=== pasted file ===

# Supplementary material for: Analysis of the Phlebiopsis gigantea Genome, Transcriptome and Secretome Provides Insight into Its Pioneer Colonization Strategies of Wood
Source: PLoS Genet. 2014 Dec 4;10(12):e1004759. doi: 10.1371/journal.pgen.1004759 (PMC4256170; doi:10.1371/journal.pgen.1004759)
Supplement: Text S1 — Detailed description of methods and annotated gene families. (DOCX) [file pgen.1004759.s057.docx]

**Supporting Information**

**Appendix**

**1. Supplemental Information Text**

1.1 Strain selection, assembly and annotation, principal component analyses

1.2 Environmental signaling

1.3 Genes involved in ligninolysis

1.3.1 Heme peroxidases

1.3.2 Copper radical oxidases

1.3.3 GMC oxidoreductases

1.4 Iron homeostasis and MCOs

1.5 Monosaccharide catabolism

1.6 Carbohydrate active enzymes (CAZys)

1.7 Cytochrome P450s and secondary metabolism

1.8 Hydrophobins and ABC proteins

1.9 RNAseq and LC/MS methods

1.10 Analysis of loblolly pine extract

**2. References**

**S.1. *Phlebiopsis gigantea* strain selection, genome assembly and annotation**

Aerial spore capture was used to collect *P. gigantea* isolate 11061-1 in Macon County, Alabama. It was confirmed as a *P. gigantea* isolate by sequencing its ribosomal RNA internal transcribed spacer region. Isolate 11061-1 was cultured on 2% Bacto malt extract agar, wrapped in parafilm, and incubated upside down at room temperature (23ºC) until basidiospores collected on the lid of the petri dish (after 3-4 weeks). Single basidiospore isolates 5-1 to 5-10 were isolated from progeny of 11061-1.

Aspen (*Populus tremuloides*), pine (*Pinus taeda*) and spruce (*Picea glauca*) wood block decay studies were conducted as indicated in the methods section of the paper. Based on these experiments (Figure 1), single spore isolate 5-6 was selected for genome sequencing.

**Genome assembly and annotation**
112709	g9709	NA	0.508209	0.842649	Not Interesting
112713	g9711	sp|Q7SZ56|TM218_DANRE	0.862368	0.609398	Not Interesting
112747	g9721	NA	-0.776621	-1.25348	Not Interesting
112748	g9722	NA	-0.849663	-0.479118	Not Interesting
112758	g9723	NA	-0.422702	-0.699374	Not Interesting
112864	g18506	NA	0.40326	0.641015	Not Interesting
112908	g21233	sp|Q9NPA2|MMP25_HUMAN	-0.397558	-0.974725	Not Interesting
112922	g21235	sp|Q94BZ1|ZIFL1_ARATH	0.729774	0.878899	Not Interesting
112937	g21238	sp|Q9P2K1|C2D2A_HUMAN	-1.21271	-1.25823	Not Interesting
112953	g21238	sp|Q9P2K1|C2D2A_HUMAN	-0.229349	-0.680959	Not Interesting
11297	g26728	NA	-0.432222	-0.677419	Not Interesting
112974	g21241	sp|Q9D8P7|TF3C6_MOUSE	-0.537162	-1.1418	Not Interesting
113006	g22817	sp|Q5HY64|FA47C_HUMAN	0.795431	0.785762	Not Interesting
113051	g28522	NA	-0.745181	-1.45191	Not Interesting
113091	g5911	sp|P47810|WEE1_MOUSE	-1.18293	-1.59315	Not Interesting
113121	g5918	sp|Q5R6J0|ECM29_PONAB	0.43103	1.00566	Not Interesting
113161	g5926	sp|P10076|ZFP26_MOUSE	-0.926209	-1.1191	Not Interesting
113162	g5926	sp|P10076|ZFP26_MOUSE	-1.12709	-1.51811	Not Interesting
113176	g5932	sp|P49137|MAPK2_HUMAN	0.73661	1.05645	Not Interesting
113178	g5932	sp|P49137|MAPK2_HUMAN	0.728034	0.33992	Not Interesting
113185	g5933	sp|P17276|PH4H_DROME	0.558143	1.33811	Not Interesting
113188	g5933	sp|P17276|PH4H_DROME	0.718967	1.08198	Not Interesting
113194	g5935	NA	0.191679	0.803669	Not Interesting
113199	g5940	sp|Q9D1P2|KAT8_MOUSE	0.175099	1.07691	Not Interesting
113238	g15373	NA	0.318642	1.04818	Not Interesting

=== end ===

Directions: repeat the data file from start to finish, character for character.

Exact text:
# Supplementary material for: Analysis of the Phlebiopsis gigantea Genome, Transcriptome and Secretome Provides Insight into Its Pioneer Colonization Strategies of Wood
Source: PLoS Genet. 2014 Dec 4;10(12):e1004759. doi: 10.1371/journal.pgen.1004759 (PMC4256170; doi:10.1371/journal.pgen.1004759)
Supplement: Text S1 — Detailed description of methods and annotated gene families. (DOCX) [file pgen.1004759.s057.docx]

**Supporting Information**

**Appendix**

**1. Supplemental Information Text**

1.1 Strain selection, assembly and annotation, principal component analyses

1.2 Environmental signaling

1.3 Genes involved in ligninolysis

1.3.1 Heme peroxidases

1.3.2 Copper radical oxidases

1.3.3 GMC oxidoreductases

1.4 Iron homeostasis and MCOs

1.5 Monosaccharide catabolism

1.6 Carbohydrate active enzymes (CAZys)

1.7 Cytochrome P450s and secondary metabolism

1.8 Hydrophobins and ABC proteins

1.9 RNAseq and LC/MS methods

1.10 Analysis of loblolly pine extract

**2. References**

**S.1. *Phlebiopsis gigantea* strain selection, genome assembly and annotation**

Aerial spore capture was used to collect *P. gigantea* isolate 11061-1 in Macon County, Alabama. It was confirmed as a *P. gigantea* isolate by sequencing its ribosomal RNA internal transcribed spacer region. Isolate 11061-1 was cultured on 2% Bacto malt extract agar, wrapped in parafilm, and incubated upside down at room temperature (23ºC) until basidiospores collected on the lid of the petri dish (after 3-4 weeks). Single basidiospore isolates 5-1 to 5-10 were isolated from progeny of 11061-1.

Aspen (*Populus tremuloides*), pine (*Pinus taeda*) and spruce (*Picea glauca*) wood block decay studies were conducted as indicated in the methods section of the paper. Based on these experiments (Figure 1), single spore isolate 5-6 was selected for genome sequencing.

**Genome assembly and annotation**
112709	g9709	NA	0.508209	0.842649	Not Interesting
112713	g9711	sp|Q7SZ56|TM218_DANRE	0.862368	0.609398	Not Interesting
112747	g9721	NA	-0.776621	-1.25348	Not Interesting
112748	g9722	NA	-0.849663	-0.479118	Not Interesting
112758	g9723	NA	-0.422702	-0.699374	Not Interesting
112864	g18506	NA	0.40326	0.641015	Not Interesting
112908	g21233	sp|Q9NPA2|MMP25_HUMAN	-0.397558	-0.974725	Not Interesting
112922	g21235	sp|Q94BZ1|ZIFL1_ARATH	0.729774	0.878899	Not Interesting
112937	g21238	sp|Q9P2K1|C2D2A_HUMAN	-1.21271	-1.25823	Not Interesting
112953	g21238	sp|Q9P2K1|C2D2A_HUMAN	-0.229349	-0.680959	Not Interesting
11297	g26728	NA	-0.432222	-0.677419	Not Interesting
112974	g21241	sp|Q9D8P7|TF3C6_MOUSE	-0.537162	-1.1418	Not Interesting
113006	g22817	sp|Q5HY64|FA47C_HUMAN	0.795431	0.785762	Not Interesting
113051	g28522	NA	-0.745181	-1.45191	Not Interesting
113091	g5911	sp|P47810|WEE1_MOUSE	-1.18293	-1.59315	Not Interesting
113121	g5918	sp|Q5R6J0|ECM29_PONAB	0.43103	1.00566	Not Interesting
113161	g5926	sp|P10076|ZFP26_MOUSE	-0.926209	-1.1191	Not Interesting
113162	g5926	sp|P10076|ZFP26_MOUSE	-1.12709	-1.51811	Not Interesting
113176	g5932	sp|P49137|MAPK2_HUMAN	0.73661	1.05645	Not Interesting
113178	g5932	sp|P49137|MAPK2_HUMAN	0.728034	0.33992	Not Interesting
113185	g5933	sp|P17276|PH4H_DROME	0.558143	1.33811	Not Interesting
113188	g5933	sp|P17276|PH4H_DROME	0.718967	1.08198	Not Interesting
113194	g5935	NA	0.191679	0.803669	Not Interesting
113199	g5940	sp|Q9D1P2|KAT8_MOUSE	0.175099	1.07691	Not Interesting
113238	g15373	NA	0.318642	1.04818	Not Interesting